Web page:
What is an Operating Agreement?
An operating agreement is like the blueprint of your LLC. In the absence of corporate bylaws, an operating agreement lays out the structure of the company, major procedures and processes, and each member’s role, powers, and responsibilities.
While most states do not require LLCs to have operating agreements, it is highly advisable to do so. Even single-member LLCs are well served by drafting an operating agreement to outline how their business is run. This can be particularly useful in proving a meaningful separation between a single-member LLC and its owner for legal purposes.
Operating agreements are also essential for addressing conflicts that may arise within a business. This can include confusion over who has the authority to sign contracts, what happens when a member joins or leaves the business, and how to handle gridlock in decision-making. By drafting a clear and complete operating agreement, members will have somewhere to turn for any issue or item of confusion or contention that may arise in their business.
State regulations can vary considerably, so be sure to check with your state’s business authority to confirm what, if any, guidelines and requirements exist regarding LLC operating agreements.
Manager-Managed vs. Member-Managed
The default setting for LLC management is member-managed. This means that all LLC members take an active role in the day-to-day operations of the business. However, LLC members can also elect to be manager-managed by indicating this choice in their articles of organization.
In a manager-managed LLC, members select one or more individuals to serve as on-the-ground management, while retaining authority over major business decisions and operations. Managers may be selected from among an LLC’s current members or brought in from outside the company. An LLC may also choose another LLC or corporation to serve in a management role.
What to Include In Your Operating Agreement
While some states may have different requirements, the typical operating agreement should include the following information:
Basic Company and Member Information
Every LLC operating agreement should include the company’s name and address along with the names and addresses of each member.
Initial Capital Contributions
The initial capital contribution of each member should be outlined in the operating agreement. This can help determine each member’s ownership percentage and profit share.
An LLC’s statement of purpose should include the nature of the business and what it seeks to achieve. Many statements of purpose are followed by standard language such as, “and for any other lawful business purposes.” Some states allow for a general statement, while others may require more specific details.
Role Definitions for Managers and Members
Aside from listing each member of the LLC, the operating agreement should outline each member’s role within the business. This includes their duties and voting power. If the LLC is manager-managed, all managers should be named along with their roles and compensation.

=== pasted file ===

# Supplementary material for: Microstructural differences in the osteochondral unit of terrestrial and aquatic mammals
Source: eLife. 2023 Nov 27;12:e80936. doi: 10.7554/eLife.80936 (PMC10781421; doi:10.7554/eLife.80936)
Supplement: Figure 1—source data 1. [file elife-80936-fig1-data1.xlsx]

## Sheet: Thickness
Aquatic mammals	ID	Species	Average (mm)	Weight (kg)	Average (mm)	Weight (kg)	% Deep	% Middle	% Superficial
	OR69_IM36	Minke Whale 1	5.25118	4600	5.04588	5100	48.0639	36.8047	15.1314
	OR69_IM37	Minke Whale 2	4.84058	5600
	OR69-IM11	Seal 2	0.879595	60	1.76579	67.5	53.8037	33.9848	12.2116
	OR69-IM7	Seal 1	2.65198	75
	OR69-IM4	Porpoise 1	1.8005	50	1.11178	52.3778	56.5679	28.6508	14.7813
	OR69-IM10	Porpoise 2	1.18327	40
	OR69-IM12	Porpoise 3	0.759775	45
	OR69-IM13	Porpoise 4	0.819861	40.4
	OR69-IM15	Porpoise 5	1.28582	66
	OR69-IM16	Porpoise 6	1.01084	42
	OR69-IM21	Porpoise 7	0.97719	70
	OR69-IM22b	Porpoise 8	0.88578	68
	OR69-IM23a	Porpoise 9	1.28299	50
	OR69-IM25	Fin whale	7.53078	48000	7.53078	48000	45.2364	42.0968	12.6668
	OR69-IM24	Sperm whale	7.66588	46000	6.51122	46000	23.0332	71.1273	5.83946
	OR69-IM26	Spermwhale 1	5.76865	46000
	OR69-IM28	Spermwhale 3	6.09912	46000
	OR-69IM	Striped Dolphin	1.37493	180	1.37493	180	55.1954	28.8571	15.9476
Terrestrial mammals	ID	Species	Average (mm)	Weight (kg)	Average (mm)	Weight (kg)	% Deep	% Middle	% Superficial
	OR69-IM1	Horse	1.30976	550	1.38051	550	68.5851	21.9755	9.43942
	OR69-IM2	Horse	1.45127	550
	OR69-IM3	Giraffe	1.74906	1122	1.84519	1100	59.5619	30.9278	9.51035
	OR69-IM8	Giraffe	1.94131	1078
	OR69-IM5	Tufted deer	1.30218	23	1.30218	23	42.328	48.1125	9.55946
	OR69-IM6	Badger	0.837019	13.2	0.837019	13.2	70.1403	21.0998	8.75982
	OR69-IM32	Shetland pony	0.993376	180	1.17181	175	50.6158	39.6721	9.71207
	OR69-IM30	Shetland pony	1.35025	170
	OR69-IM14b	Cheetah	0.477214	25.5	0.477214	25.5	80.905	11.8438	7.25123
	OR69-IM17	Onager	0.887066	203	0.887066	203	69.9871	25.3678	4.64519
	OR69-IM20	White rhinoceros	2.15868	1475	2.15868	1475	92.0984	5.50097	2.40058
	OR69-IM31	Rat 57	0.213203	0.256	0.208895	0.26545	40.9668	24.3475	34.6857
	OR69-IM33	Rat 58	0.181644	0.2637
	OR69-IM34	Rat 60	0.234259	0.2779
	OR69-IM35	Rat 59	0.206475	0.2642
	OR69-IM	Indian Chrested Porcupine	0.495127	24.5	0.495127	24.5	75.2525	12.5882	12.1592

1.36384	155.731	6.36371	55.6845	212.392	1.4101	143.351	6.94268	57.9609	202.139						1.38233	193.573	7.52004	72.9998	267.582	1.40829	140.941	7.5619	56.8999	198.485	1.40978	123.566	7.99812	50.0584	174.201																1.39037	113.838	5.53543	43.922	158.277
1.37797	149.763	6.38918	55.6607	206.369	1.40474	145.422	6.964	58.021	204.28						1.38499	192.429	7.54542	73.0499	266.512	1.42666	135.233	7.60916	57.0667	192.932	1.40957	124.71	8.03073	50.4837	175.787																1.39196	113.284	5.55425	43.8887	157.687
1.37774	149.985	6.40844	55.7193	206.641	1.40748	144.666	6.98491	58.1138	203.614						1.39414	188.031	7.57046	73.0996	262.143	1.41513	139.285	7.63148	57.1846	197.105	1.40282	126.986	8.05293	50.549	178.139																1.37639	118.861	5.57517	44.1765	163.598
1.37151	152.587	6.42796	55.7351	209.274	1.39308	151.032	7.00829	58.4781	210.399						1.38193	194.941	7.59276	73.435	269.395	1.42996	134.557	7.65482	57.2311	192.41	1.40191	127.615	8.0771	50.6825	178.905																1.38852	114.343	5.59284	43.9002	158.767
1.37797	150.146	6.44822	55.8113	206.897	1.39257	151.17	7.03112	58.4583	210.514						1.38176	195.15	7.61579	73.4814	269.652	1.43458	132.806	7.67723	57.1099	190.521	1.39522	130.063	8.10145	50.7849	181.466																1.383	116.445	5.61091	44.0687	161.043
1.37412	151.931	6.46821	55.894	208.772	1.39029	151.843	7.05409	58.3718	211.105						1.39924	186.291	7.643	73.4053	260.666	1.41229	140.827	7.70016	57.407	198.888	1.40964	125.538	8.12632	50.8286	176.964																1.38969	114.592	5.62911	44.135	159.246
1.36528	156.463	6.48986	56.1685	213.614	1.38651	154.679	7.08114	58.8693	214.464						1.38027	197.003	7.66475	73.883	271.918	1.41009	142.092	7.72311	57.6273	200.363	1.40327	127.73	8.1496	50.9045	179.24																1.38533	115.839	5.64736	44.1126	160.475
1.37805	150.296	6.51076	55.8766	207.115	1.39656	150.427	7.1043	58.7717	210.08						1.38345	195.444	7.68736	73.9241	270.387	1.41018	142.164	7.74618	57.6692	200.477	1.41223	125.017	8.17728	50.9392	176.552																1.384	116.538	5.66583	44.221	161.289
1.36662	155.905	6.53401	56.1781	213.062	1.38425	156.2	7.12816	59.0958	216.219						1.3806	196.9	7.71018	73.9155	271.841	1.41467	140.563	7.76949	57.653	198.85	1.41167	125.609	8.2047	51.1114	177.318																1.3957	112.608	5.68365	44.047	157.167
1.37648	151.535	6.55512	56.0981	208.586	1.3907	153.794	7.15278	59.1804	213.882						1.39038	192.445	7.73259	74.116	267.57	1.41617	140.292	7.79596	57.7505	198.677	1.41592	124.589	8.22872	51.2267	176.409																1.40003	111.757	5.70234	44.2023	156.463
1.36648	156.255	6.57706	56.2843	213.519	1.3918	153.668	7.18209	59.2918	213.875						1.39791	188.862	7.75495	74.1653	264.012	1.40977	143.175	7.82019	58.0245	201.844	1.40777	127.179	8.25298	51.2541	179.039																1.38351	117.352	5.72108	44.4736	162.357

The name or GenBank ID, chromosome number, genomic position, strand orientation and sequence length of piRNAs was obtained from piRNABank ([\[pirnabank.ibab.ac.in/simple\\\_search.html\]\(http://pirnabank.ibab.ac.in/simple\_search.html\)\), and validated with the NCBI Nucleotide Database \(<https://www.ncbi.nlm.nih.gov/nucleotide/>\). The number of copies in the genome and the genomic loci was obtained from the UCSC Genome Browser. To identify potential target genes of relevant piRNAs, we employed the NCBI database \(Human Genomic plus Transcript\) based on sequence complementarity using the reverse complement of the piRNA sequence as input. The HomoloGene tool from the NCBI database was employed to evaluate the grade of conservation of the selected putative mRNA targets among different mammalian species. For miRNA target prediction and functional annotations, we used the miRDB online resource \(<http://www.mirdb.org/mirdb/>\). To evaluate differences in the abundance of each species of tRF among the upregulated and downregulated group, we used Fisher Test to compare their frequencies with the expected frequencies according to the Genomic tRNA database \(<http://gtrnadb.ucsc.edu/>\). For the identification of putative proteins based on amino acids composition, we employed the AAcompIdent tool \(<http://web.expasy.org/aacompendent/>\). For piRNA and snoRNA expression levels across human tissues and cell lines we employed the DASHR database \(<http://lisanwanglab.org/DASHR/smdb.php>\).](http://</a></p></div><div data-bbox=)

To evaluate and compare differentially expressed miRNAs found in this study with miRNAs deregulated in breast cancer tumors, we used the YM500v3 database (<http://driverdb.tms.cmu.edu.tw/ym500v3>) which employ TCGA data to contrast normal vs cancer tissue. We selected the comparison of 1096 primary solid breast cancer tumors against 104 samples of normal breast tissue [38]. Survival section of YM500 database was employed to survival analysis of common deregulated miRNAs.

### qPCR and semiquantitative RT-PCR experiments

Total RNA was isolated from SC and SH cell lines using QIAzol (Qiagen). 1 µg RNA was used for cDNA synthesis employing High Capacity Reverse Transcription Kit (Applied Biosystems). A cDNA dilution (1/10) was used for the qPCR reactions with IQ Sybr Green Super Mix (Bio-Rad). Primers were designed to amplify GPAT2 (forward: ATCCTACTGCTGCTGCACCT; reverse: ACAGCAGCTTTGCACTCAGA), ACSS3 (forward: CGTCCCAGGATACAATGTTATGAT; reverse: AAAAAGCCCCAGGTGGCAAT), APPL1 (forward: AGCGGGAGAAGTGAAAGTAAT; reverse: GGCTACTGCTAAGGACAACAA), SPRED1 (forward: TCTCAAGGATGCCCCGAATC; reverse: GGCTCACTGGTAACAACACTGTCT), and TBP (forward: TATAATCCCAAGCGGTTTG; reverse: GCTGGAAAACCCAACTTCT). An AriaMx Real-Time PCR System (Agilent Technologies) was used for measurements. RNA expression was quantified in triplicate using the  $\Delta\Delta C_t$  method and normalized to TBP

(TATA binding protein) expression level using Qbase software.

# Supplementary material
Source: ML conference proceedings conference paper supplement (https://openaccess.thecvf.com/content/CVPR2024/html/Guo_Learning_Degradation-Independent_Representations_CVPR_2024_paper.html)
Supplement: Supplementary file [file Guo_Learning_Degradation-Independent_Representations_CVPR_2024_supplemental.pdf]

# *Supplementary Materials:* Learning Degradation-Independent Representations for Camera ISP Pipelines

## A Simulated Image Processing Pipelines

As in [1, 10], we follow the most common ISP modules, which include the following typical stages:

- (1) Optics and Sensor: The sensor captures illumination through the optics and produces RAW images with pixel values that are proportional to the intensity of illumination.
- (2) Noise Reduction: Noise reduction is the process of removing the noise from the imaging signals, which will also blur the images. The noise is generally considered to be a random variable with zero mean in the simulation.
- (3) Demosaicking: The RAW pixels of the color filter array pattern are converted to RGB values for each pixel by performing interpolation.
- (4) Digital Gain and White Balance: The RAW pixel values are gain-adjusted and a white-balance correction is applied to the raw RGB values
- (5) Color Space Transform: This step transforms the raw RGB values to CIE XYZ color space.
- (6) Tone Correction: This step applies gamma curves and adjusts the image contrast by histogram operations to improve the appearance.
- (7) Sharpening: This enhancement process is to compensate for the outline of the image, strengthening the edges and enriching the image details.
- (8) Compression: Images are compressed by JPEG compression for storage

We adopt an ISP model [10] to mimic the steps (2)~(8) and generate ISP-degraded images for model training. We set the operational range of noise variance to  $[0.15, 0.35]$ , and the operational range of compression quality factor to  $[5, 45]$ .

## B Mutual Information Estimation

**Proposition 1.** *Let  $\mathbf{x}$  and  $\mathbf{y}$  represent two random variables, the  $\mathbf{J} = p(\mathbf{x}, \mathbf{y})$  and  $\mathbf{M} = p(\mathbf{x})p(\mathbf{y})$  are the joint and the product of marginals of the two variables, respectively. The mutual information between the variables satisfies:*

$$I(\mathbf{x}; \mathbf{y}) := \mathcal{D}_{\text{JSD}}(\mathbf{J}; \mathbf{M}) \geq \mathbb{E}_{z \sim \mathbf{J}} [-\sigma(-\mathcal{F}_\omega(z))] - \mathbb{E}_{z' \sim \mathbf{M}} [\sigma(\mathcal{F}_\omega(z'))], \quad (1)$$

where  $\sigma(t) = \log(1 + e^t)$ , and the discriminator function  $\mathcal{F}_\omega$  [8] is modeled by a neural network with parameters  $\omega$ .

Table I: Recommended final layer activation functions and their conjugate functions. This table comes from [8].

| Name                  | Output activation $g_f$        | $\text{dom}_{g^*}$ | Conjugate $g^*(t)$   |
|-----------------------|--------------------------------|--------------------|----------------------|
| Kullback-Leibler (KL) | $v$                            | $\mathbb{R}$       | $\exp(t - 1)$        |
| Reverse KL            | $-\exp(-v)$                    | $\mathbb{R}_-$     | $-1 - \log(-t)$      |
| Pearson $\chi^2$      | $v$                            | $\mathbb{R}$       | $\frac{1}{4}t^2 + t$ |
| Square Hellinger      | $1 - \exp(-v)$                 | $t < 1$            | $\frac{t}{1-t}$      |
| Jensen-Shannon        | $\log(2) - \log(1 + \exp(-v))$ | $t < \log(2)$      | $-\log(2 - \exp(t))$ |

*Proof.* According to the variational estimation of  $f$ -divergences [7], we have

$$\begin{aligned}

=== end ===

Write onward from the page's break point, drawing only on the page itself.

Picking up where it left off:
LLCs have flexibility in terms of how ownership is distributed, and are not bound by how much capital each member contributes. While many LLCs do go that route, they may also choose to divide ownership based on other metrics such as the level of involvement with business operations. For example, a silent investor may make an equal contribution, but receive a smaller ownership stake than decisionmakers.
Just as ownership percentage is flexible, so too is profit distribution. While profits are typically divided based on ownership, this is not required. An LLC may decide to distribute profits in any way they see fit, as long as all members agree to the system.
New Members and Withdrawal
The process for how members are added and removed from the LLC should be detailed in the operating agreement. This should also include what happens when a member passes away or if someone must be expelled involuntarily from the company.
Dissolving or Transferring the Company
Procedures and conditions should be laid out for dissolving the LLC. There should also be a provision covering the transfer of interests if a member chooses to sell her/his stake in the business. Typically, the other members will have a right of first refusal.
Things to Consider for a Member-Managed Operating Agreement
Managers may be protected from personal liability as long as they act in good faith. Managers must always act with the fiduciary duties of care and loyalty. If a manager acts with gross negligence or in the interest of personal gain, the manager can be held liable for her/his actions.
Even if a member is appointed as manager of the LLC, voting rights must be established in the operating agreement. Unless the operating agreement specifically states that members will have no voting rights, members can still override a manager’s decisions.
The scope and limitations of managers should be laid out in the operating agreement. Managers lead the LLC’s day-to-day operations and have the power to enter into contracts within the ordinary scope of business. However, major decisions typically remain with the members. To avoid confusion or conflict, specific details on the manager’s role in the business must be outlined.
Start With an Operating Agreement Template
Try our operating agreement template to help you get started on your own agreement today.